Vaccination is another important biosecurity tool designed to protect resident cattle from infectious agents that could have been brought in by the newly purchased cows [26]. In dairy cattle, immunization mainly targets common infectious agents such as BVD virus, IBR virus, parainfluenza-3 (PI3) virus, bovine respiratory syncytial virus (BRSV), leptospirosis, and clostridial infections [27]. Vaccination programs should be established in collaboration with the herd veterinarian and adapted to the risk of the disease spreading on the farm, including infectious agents that evolve in the area [25, 28]. Vaccination should not be considered the primary or single biosecurity tool because no vaccine provides 100% immunity [26, 28].

Dairy herd vaccination programs are affected by various factors such as age and category of production, disease history, housing, type of vaccine (killed or modified live), and costs [28]. Vaccination programs are designed by age categories and are applied continuously to maximize herd immunity and minimize the spread of the infectious agent [27, 28].

Vaccination schedule for dairy heifers from birth to 6 months of age can be started with an oral modified live vaccine (MLV) for bovine rotavirus and bovine coronavirus given 30 minutes before the ingestion of colostrum to prevent the inactivation [28]. In the first hour of life, calves must receive 2.8 L of colostrum, and in the next 23 hours, the rest of 2.8 L [27]. Depending on the epidemiological situation, an intranasal vaccination of neonatal calves with respiratory vaccines (IBR/PI-3/BRSV) can be started at 3 days of age or older [28]. At 6 weeks old, dairy heifers can receive an injectable modified-live IBR/PI3/BRSV/BVD vaccine and a seven-way clostridial bacterin-toxoid [27]. The immunity of injectable vaccines is longer than the immunity of intranasal vaccines [28]. Following national and international regulations on brucellosis prophylaxis, at 4–6 months age replacement heifers should receive brucellosis RB51 vaccine. Also, depending on the epidemiological situation, calves can receive the appropriate vaccination for leptospirosis clostridial diseases and/or Histophilus somnus. At 6 months of age, heifers should be revaccinated with modified live IBR/PI3/BRSV/BVD virus vaccine, seven-way clostridial vaccine, and five-way leptospirosis bacterin [27, 28].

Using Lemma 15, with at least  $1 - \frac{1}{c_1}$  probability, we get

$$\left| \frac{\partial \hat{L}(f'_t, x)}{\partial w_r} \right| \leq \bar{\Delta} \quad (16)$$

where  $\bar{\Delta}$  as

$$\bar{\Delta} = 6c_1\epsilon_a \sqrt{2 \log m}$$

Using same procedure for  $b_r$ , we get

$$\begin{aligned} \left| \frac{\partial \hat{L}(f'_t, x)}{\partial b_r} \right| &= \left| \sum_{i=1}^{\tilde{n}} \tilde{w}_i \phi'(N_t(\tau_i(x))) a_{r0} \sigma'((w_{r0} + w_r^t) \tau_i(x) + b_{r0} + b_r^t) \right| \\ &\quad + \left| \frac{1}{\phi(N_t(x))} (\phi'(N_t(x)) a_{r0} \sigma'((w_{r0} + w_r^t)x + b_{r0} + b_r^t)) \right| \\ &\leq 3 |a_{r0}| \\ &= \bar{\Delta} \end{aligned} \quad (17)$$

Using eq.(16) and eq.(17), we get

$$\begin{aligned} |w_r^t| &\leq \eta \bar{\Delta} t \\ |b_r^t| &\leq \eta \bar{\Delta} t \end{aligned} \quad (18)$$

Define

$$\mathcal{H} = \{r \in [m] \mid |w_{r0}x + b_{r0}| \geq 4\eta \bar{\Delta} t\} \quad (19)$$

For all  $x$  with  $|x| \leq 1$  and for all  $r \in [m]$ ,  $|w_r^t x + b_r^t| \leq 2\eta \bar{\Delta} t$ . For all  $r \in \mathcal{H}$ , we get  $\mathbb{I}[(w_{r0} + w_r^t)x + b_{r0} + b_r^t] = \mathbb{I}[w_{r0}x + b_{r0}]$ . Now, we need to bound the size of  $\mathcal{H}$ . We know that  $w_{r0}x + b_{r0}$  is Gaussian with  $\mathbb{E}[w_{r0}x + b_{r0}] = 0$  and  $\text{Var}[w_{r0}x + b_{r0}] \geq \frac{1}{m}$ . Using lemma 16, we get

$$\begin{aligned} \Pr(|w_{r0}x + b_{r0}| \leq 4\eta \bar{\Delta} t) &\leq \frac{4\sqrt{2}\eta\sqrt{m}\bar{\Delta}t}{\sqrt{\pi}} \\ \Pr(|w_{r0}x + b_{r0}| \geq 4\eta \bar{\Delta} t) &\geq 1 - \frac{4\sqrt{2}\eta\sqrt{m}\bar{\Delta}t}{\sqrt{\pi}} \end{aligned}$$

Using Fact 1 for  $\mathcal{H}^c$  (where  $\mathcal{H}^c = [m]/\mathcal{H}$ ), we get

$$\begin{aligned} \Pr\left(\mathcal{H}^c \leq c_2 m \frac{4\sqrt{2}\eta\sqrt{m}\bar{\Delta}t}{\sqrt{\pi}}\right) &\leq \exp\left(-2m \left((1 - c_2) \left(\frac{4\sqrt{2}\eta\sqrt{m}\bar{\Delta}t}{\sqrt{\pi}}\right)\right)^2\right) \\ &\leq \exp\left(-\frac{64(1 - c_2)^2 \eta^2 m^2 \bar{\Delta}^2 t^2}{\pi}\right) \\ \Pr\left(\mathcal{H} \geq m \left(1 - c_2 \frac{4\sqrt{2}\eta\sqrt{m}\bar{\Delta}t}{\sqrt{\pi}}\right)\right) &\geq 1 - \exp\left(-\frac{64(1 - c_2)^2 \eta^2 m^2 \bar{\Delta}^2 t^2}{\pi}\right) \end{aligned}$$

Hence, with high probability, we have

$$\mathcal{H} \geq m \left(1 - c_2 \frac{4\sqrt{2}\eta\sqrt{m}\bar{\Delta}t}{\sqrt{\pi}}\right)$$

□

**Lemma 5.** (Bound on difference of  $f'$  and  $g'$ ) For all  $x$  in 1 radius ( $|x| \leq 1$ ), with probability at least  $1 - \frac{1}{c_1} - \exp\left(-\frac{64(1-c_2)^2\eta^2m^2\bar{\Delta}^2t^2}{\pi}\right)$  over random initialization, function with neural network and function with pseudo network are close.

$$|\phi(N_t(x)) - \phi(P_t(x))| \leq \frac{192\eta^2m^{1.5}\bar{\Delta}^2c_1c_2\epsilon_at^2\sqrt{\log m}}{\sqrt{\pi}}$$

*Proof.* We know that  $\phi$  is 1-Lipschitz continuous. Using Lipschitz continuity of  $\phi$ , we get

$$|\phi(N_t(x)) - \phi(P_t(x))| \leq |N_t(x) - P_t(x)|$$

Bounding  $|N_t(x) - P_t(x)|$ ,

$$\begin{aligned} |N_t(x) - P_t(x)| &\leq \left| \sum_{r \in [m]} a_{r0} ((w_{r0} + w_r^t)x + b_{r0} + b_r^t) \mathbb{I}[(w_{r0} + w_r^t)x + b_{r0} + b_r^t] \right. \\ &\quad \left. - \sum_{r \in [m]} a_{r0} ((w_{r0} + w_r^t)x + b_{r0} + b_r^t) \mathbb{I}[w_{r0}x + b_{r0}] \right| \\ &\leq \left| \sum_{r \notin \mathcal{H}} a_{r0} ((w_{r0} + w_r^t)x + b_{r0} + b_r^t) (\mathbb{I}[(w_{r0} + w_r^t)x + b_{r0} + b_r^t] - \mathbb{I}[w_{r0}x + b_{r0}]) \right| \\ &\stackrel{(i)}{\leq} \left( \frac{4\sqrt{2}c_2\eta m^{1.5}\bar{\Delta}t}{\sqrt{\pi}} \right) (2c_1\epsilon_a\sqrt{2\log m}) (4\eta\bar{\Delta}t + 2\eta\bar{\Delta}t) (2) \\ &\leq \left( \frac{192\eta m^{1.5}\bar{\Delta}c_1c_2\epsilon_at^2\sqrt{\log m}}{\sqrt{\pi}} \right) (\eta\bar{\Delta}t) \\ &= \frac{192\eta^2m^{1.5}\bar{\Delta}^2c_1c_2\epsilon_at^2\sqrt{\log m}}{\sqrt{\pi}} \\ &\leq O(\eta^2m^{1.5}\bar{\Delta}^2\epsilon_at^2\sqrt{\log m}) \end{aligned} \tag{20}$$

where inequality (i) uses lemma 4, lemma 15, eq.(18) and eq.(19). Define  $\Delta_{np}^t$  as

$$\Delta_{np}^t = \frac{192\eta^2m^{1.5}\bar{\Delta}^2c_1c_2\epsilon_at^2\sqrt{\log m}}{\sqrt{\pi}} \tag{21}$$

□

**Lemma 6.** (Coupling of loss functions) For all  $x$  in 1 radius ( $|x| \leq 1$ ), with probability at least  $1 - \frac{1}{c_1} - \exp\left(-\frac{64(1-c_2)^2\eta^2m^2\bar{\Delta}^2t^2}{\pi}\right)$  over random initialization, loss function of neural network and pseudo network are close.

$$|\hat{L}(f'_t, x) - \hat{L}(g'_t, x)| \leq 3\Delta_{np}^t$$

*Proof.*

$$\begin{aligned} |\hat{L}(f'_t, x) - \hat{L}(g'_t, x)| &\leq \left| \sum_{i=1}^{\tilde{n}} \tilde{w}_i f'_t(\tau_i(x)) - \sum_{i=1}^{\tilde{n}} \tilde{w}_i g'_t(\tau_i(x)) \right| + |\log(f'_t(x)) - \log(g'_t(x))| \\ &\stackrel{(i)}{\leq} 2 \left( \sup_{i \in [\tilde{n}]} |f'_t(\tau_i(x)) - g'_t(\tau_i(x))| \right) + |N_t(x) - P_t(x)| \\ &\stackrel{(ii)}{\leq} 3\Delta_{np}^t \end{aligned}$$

Pre-breeding heifers (10–12 months of age) should be revaccinated with killed or modified live IBR/PI3/BRSV/BVD virus vaccine, five-way leptospirosis bacterin, and seven- or eight-way clostridial bacterin-toxoid [28]. Optionally, it can be done with vibriosis bacterin [27].

Pre-calving heifers should be revaccinated 40–60 days before calving with killed IBR/PI3/BRSV/BVD virus vaccine, five-way leptospirosis bacterin, killed rotavirus and coronavirus vaccine, and Escherichia coli + Clostridium perfringenstypes C and D bacterin/toxoid. Three weeks before to calving, heifers should be revaccinated with killed rotavirus and coronavirus vaccine, and Escherichia coli + Clostridium perfringenstypes C and D bacterin/toxoid [27, 28]. Also, pre-calving heifers should be vaccinated with coliform mastitis bacterin [27].